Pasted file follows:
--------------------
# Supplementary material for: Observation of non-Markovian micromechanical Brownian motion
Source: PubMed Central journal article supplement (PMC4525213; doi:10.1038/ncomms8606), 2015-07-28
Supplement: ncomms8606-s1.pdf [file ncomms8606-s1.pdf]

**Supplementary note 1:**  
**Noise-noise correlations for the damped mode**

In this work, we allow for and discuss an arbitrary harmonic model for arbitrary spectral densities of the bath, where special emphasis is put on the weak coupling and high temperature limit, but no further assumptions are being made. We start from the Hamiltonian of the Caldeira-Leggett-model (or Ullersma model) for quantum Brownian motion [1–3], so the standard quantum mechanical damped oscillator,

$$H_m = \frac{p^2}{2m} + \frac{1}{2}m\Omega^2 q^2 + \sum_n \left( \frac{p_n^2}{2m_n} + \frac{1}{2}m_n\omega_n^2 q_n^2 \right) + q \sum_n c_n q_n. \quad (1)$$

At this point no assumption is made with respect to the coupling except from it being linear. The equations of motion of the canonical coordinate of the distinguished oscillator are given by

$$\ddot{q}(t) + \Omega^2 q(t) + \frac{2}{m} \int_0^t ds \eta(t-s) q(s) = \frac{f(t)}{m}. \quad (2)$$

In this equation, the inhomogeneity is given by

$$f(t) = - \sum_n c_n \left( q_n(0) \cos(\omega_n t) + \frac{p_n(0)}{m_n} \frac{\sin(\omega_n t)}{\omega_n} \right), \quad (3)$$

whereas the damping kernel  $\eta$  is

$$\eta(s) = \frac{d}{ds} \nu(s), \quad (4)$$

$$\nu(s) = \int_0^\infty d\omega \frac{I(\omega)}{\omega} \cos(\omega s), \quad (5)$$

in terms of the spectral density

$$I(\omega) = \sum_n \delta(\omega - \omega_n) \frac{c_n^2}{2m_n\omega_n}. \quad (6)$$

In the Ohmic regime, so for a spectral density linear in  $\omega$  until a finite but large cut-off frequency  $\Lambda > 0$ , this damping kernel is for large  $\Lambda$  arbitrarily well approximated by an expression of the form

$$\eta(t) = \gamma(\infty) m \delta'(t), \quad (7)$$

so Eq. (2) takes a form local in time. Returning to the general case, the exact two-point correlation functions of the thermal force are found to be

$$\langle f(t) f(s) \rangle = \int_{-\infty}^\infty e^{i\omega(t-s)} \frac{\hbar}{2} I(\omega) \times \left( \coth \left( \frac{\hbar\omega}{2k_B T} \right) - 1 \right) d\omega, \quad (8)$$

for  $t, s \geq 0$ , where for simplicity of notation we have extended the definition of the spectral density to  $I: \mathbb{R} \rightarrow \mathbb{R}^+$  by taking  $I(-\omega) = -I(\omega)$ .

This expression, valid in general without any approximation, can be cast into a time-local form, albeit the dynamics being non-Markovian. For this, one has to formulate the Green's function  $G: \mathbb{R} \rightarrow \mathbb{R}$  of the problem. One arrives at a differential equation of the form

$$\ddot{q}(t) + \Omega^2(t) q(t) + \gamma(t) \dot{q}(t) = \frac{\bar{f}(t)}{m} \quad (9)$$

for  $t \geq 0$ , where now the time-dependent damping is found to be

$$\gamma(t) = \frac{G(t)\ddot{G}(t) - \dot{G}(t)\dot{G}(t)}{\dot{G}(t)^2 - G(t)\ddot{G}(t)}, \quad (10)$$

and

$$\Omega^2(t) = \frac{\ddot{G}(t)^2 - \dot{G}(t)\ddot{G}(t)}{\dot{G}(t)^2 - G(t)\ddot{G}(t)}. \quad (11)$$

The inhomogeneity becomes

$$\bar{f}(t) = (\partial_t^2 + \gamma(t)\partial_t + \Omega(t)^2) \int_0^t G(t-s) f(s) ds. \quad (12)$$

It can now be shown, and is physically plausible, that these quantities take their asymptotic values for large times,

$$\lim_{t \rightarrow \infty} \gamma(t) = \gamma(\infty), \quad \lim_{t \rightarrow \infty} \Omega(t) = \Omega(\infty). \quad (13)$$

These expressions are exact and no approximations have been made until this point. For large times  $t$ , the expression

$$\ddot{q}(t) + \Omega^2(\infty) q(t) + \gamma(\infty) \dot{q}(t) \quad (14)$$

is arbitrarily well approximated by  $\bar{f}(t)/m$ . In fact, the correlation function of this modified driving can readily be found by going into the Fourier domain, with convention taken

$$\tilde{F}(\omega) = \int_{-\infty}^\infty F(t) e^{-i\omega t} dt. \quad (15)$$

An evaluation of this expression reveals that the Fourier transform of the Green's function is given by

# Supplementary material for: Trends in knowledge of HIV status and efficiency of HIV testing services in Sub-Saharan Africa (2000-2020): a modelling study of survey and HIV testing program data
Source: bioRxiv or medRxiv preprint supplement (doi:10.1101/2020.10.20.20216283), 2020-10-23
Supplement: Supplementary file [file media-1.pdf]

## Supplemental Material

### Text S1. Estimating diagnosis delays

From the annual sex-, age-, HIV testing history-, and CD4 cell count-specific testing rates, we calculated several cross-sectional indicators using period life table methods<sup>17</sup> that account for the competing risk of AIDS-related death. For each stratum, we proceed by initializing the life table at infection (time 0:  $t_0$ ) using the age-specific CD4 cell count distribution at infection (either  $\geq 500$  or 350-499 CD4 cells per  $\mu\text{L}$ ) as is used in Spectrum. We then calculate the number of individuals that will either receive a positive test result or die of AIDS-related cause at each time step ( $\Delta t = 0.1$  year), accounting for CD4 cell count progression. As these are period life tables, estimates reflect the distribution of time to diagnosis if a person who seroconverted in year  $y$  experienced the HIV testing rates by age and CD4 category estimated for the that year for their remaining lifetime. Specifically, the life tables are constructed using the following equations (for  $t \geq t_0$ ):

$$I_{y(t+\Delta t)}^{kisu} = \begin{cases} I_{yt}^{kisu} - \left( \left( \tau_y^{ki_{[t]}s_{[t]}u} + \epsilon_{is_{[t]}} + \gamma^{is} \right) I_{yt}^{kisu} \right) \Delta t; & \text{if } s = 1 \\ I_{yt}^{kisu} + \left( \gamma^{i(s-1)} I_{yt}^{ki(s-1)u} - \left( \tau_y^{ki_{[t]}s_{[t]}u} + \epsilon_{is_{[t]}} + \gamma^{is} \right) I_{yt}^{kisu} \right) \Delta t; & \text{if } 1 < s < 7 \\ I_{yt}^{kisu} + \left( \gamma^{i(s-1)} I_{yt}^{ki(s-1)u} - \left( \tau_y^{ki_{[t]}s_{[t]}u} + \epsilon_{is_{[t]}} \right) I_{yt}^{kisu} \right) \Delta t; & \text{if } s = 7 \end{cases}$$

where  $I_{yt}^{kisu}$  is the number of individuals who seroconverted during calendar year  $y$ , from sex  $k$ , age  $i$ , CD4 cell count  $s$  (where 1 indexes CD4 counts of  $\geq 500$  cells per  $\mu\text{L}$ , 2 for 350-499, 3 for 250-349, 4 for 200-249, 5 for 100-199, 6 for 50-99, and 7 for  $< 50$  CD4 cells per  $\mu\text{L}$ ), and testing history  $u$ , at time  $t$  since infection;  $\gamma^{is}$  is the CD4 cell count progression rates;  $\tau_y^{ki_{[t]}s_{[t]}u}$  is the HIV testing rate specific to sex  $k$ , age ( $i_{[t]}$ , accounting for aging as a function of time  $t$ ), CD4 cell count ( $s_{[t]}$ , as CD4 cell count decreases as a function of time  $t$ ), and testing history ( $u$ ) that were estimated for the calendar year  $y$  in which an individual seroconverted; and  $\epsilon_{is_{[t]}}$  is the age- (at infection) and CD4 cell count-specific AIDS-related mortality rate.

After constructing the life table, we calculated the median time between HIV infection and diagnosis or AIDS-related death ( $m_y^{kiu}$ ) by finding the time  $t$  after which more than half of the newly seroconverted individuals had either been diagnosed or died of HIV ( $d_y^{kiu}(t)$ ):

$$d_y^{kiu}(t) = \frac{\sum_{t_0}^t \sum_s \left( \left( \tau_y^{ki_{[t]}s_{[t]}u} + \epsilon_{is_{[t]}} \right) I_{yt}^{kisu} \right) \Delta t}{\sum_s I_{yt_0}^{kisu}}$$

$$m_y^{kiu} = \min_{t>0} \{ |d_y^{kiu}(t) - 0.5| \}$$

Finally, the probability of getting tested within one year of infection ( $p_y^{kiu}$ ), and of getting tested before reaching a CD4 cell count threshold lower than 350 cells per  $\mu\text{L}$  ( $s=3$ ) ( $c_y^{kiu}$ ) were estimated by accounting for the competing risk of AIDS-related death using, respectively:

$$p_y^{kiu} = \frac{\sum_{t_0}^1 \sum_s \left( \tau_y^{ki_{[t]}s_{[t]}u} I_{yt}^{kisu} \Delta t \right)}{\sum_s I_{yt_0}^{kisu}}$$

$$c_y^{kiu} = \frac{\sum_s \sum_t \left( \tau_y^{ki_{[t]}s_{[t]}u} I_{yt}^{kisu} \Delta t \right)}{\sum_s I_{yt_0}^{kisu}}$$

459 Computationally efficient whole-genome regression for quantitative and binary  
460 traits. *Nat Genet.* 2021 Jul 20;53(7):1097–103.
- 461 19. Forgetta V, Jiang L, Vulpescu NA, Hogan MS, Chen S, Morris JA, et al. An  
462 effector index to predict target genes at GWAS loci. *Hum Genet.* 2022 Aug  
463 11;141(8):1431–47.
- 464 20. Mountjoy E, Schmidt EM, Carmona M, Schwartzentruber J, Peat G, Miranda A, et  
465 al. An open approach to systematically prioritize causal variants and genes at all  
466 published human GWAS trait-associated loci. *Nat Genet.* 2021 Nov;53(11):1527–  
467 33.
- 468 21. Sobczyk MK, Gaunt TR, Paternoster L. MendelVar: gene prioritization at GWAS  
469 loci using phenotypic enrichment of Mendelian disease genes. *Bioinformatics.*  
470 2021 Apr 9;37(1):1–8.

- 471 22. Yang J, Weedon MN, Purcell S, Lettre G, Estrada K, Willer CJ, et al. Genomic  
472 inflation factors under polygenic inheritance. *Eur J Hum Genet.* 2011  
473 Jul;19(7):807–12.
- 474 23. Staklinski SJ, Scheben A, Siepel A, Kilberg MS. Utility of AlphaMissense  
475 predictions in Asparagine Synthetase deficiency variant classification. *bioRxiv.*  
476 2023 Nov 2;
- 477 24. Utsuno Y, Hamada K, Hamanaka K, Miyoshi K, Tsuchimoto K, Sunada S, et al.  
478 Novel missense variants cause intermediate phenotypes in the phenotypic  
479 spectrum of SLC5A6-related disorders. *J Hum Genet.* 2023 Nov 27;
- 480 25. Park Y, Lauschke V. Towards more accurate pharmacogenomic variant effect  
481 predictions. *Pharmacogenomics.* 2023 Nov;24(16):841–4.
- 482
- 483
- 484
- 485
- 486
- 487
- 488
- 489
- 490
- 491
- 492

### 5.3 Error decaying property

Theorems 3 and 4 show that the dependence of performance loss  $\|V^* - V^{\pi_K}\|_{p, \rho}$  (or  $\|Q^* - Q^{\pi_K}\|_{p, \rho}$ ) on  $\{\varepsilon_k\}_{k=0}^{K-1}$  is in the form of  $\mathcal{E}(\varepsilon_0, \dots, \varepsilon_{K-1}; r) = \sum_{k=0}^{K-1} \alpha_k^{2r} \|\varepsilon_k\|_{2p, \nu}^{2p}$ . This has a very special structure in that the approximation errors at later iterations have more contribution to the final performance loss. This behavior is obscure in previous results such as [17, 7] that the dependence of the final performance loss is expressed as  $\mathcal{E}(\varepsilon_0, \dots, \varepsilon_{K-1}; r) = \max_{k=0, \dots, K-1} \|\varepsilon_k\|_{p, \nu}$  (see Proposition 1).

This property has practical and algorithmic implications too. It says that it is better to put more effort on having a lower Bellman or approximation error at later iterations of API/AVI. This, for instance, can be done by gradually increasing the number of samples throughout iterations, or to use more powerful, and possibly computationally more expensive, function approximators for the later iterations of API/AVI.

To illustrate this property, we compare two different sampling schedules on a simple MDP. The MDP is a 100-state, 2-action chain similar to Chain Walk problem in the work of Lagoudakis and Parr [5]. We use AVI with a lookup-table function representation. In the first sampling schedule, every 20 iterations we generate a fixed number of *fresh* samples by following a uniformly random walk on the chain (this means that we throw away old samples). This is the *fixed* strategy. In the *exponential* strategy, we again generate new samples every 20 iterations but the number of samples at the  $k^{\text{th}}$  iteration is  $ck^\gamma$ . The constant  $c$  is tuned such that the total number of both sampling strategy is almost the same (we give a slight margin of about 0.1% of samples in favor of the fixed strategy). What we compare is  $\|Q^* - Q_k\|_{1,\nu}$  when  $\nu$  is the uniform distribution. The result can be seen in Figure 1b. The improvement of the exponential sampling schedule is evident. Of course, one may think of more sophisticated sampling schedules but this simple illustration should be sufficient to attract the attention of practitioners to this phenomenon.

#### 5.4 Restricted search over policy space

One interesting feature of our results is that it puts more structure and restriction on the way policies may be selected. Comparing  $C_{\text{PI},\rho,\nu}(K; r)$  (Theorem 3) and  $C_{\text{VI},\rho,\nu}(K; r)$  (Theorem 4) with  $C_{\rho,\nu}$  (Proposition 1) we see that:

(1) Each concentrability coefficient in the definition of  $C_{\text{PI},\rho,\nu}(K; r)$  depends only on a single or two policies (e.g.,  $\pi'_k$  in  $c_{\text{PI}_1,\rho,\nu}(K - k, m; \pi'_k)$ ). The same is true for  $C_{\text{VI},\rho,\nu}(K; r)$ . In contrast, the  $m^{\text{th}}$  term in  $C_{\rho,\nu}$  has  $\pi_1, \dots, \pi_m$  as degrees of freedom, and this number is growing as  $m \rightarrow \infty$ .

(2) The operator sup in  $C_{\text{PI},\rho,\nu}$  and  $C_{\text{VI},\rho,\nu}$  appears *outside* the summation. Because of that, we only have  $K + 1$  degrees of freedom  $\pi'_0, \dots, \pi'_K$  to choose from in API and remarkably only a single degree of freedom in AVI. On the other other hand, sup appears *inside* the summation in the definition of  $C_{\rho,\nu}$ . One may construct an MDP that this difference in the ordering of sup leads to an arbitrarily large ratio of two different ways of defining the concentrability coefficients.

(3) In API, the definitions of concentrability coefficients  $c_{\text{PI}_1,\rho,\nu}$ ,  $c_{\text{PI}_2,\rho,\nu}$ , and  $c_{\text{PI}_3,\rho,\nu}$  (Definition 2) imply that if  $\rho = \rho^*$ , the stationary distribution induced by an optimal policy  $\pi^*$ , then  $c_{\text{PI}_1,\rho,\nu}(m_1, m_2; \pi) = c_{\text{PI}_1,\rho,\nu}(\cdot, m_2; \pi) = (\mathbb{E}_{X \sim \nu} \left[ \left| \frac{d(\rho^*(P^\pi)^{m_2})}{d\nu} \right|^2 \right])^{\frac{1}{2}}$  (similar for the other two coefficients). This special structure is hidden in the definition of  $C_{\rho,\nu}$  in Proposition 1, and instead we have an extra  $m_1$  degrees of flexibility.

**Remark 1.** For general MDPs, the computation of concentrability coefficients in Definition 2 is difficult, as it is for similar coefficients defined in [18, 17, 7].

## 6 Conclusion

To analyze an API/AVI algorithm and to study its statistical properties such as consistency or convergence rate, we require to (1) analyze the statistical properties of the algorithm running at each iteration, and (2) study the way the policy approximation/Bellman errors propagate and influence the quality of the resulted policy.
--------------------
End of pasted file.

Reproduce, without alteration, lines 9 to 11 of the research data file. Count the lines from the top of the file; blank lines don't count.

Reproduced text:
$$\ddot{q}(t) + \Omega^2 q(t) + \frac{2}{m} \int_0^t ds \eta(t-s) q(s) = \frac{f(t)}{m}. \quad (2)$$

In this equation, the inhomogeneity is given by

$$f(t) = - \sum_n c_n \left( q_n(0) \cos(\omega_n t) + \frac{p_n(0)}{m_n} \frac{\sin(\omega_n t)}{\omega_n} \right), \quad (3)$$